Women with breast cancer often experience significant distress. Currently, there are no questionnaires aimed at identifying women's unique and possible changing indicators for distress in surgical continuity of care for breast cancer. We developed and tested three questionnaires specifically for this use.
We first searched PubMed, CINAHL and PsycINFO to retrieve information on previously described indicators. Next, we conducted a focus group interview with 6 specialised nurses, who have extensive experience about consequences of breast cancer for women in surgical continuity of care. The questionnaire was tested on 18 women scheduled for breast cancer surgery. Subsequently, the women were debriefed to gain knowledge about comprehensibility, readability and relevance of items, and the time needed to complete the questionnaire. After adjustment, the questionnaires were field-tested concomitantly with a clinical study, which both consisted of a survey and an interview study.
Three multi-item questionnaires were developed specific to different time points in surgical continuity of care. The questionnaires share a core of statements divided into seven sub-scales: emotional and physical situation, social condition, sexuality, body image, religion and organisational factors. Besides the core of statements, each questionnaire has different statements depending on the time point of surgical continuity of care when it was to be responded to.
The questionnaires contain comprehensive items that can identify indicators for distress in individual women taking part in surgical continuity of care. The items were understandable and the time used for filling in the questionnaires was reasonable.
A diagnosis of breast cancer is a key turning point in a woman's life that may lead to her experiencing severe and persistent distress and potentially presaging a psychiatric disorder, such as major depression. In Denmark an increased standardization of care and a short hospital stay policy minimize the time of medical and nursing surveillance. Consequently, there is the potential risk that distress goes unnoticed, and therefore, untreated. Therefore, the purpose of this study was to explore the experience of distress in Danish women taking part in surgical continuity of care for breast cancer.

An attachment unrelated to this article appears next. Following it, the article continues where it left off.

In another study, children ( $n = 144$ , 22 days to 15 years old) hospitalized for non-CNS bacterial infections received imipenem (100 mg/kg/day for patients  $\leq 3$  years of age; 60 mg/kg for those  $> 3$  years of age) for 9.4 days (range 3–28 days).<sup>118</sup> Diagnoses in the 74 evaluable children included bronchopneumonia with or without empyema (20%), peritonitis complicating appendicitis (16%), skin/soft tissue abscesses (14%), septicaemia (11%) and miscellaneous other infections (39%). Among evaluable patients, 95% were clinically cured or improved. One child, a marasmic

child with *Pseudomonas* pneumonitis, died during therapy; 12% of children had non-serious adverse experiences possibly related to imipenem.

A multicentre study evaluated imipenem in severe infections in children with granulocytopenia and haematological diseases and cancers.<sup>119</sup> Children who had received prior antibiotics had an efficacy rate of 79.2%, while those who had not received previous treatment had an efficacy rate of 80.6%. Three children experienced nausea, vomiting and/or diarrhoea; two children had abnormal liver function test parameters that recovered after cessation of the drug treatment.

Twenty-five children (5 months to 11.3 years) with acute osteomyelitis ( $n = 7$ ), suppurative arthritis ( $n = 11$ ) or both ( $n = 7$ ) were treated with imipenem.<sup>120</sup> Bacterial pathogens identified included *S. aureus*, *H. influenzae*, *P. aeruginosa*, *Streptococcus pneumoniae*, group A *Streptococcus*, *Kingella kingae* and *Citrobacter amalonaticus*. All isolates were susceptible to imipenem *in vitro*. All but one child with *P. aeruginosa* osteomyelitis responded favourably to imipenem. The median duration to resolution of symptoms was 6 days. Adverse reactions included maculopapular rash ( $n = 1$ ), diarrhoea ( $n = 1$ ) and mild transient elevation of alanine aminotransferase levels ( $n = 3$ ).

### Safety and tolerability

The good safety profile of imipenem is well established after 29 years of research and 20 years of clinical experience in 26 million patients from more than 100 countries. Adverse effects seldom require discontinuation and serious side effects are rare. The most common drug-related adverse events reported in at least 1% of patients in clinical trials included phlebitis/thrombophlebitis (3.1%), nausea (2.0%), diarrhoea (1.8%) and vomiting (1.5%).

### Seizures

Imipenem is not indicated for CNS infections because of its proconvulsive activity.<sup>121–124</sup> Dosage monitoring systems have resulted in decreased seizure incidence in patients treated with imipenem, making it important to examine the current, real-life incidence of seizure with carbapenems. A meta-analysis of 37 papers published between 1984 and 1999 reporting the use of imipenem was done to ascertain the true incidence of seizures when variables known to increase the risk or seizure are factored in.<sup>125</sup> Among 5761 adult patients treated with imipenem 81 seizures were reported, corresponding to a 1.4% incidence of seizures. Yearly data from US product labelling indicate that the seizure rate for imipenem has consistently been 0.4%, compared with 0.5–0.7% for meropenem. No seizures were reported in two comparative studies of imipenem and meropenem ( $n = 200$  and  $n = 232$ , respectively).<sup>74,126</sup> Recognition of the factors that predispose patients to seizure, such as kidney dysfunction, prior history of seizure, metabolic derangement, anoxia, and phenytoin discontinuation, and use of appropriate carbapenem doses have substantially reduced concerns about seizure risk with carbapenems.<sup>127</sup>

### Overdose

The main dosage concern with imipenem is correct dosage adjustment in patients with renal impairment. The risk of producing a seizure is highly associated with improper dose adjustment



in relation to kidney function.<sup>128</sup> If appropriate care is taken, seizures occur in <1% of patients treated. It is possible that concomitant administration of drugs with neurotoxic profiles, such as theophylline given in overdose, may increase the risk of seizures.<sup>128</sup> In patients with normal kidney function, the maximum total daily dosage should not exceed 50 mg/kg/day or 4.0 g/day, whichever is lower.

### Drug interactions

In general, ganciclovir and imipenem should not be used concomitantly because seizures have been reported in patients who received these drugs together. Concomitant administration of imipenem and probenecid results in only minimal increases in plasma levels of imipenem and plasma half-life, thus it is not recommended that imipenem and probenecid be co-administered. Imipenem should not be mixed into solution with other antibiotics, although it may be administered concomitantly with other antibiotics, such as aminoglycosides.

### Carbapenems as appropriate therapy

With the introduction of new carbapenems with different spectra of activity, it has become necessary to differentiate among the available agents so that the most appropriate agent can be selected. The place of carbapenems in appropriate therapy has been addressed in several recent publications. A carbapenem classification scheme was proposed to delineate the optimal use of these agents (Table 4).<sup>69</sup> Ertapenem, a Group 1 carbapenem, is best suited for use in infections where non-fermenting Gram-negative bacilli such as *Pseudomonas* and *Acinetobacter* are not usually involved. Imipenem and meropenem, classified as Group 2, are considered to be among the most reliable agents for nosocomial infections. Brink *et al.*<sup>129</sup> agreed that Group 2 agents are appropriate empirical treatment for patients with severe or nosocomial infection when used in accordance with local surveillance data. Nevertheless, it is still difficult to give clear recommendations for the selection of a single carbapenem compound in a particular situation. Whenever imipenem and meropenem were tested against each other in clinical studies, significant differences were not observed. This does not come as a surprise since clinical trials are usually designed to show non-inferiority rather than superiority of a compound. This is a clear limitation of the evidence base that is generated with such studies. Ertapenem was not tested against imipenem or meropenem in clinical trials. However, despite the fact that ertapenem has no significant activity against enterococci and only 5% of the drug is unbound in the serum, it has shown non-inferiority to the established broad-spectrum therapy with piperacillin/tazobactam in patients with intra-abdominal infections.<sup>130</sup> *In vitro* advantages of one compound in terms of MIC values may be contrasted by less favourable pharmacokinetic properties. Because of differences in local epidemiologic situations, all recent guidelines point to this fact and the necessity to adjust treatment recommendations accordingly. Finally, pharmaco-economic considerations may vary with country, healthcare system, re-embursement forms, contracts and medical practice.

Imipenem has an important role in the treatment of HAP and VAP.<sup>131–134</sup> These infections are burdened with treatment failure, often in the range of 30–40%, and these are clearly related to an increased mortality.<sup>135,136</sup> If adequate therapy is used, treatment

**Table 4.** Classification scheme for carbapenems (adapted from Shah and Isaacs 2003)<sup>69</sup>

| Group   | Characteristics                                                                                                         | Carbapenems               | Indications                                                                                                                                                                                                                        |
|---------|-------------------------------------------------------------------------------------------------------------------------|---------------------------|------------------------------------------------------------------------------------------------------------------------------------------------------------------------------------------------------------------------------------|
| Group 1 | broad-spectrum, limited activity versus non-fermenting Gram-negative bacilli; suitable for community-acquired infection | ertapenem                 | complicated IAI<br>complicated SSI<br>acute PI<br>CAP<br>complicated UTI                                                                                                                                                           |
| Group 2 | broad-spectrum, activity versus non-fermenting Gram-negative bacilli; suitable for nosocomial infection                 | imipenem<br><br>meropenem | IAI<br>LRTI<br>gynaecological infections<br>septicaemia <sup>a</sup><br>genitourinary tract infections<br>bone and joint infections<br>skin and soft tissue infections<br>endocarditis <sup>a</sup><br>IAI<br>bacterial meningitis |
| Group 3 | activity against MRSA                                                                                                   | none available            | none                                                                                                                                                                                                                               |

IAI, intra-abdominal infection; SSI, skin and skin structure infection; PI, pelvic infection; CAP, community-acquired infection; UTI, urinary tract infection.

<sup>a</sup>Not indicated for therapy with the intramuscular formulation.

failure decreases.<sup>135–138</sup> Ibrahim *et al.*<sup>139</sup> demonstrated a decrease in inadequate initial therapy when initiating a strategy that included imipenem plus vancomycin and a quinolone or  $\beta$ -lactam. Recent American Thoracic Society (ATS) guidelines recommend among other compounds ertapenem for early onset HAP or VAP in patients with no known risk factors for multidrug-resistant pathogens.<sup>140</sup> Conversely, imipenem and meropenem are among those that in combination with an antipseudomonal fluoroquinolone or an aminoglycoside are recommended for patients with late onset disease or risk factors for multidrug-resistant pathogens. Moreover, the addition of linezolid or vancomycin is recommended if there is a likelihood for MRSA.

A phenomenological-hermeneutic approach inspired by the French philosopher Paul Ricoeur was conducted to explore the experience of distress in relation to surgical treatment and care for breast cancer. Semi-structured interviews were conducted with 12 women who recently had surgery for breast cancer at six departments of breast surgery in Denmark from May 2013 to November 2013.
The understanding of the experience of distress in the period of surgical continuity of care for breast cancer is augmented and improved through a discussion related to four identified themes: A time of anxiety, loss of identities, being treated as a person and being part of a system, drawing on theory and other research findings.
Distress experienced by women in the period following diagnosis arises from multiple sources. Support and care must be based on the woman's individual experience of distress.
Women with breast cancer often experience distress. This cohort study investigated the prevalence of distress, predictors of distress, and changes in distress during surgical continuity of care for breast cancer (from diagnosis to commencement of adjuvant treatment).
The participants were 1079 women with breast cancer who were recruited between April 2013 and May 2014 from 11 breast surgery departments in Denmark. Distress was evaluated using the Distress Thermometer (DT) and predictors of distress were assessed with a self-administered questionnaire at the time of diagnosis (T1), at discharge (T2), and by the start of adjuvant treatment or follow-up (T3). Repeated measures ANOVA, simple and multiple linear regression, and mixed effects regression models were used to identify predictors and estimate changes in distress.
At T1, 249 (24.3%) women reported no or minimal distress, 298 (29.1%) moderate distress, and 407 (39.8%) severe distress. The mean distress was 5.5 points on the DT, which decreased by 0.70 (95% confidence interval (CI) -0.80, -0.54) points from T1 to T3. Predictors of distress were time since diagnosis, age, prior or concurrent intake of antidepressants or sedative medicine, prior emotional status, children living at home, feelings regarding femininity and attractiveness, and hospital.
More than two-thirds of women with breast cancer experienced moderate or severe distress. Mean distress decreased slightly during surgical continuity of care. However, for some women, distress remained unchanged or even worsened. These findings highlight the need to identify the individual women with distress and offer them adequate support and care.